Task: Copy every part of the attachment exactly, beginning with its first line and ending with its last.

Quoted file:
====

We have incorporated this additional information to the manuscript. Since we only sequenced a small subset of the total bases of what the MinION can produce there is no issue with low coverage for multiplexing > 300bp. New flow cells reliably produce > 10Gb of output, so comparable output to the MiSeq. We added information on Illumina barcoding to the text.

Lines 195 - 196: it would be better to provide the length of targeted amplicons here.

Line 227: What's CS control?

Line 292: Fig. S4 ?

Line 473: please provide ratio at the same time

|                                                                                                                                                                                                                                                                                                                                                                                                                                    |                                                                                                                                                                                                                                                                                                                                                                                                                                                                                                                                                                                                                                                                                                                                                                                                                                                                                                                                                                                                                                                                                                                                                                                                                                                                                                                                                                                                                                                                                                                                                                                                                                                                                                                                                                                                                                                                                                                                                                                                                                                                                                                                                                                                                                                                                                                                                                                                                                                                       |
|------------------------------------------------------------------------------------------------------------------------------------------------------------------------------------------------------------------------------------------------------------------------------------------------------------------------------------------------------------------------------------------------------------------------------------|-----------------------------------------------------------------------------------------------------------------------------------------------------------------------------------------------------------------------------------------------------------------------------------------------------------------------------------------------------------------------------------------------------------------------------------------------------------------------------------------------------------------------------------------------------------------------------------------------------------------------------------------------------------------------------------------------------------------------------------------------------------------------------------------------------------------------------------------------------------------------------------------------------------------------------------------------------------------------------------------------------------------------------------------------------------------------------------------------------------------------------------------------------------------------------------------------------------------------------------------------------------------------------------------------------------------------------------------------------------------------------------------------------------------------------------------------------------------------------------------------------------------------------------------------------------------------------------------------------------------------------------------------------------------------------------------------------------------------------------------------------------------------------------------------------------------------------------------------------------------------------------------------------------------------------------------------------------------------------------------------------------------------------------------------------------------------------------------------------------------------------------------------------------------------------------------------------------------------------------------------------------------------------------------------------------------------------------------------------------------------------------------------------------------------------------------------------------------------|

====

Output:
We have incorporated this additional information to the manuscript. Since we only sequenced a small subset of the total bases of what the MinION can produce there is no issue with low coverage for multiplexing > 300bp. New flow cells reliably produce > 10Gb of output, so comparable output to the MiSeq. We added information on Illumina barcoding to the text.

Lines 195 - 196: it would be better to provide the length of targeted amplicons here.

Line 227: What's CS control?

Line 292: Fig. S4 ?

Line 473: please provide ratio at the same time

|                                                                                                                                                                                                                                                                                                                                                                                                                                    |                                                                                                                                                                                                                                                                                                                                                                                                                                                                                                                                                                                                                                                                                                                                                                                                                                                                                                                                                                                                                                                                                                                                                                                                                                                                                                                                                                                                                                                                                                                                                                                                                                                                                                                                                                                                                                                                                                                                                                                                                                                                                                                                                                                                                                                                                                                                                                                                                                                                       |
|------------------------------------------------------------------------------------------------------------------------------------------------------------------------------------------------------------------------------------------------------------------------------------------------------------------------------------------------------------------------------------------------------------------------------------|-----------------------------------------------------------------------------------------------------------------------------------------------------------------------------------------------------------------------------------------------------------------------------------------------------------------------------------------------------------------------------------------------------------------------------------------------------------------------------------------------------------------------------------------------------------------------------------------------------------------------------------------------------------------------------------------------------------------------------------------------------------------------------------------------------------------------------------------------------------------------------------------------------------------------------------------------------------------------------------------------------------------------------------------------------------------------------------------------------------------------------------------------------------------------------------------------------------------------------------------------------------------------------------------------------------------------------------------------------------------------------------------------------------------------------------------------------------------------------------------------------------------------------------------------------------------------------------------------------------------------------------------------------------------------------------------------------------------------------------------------------------------------------------------------------------------------------------------------------------------------------------------------------------------------------------------------------------------------------------------------------------------------------------------------------------------------------------------------------------------------------------------------------------------------------------------------------------------------------------------------------------------------------------------------------------------------------------------------------------------------------------------------------------------------------------------------------------------------|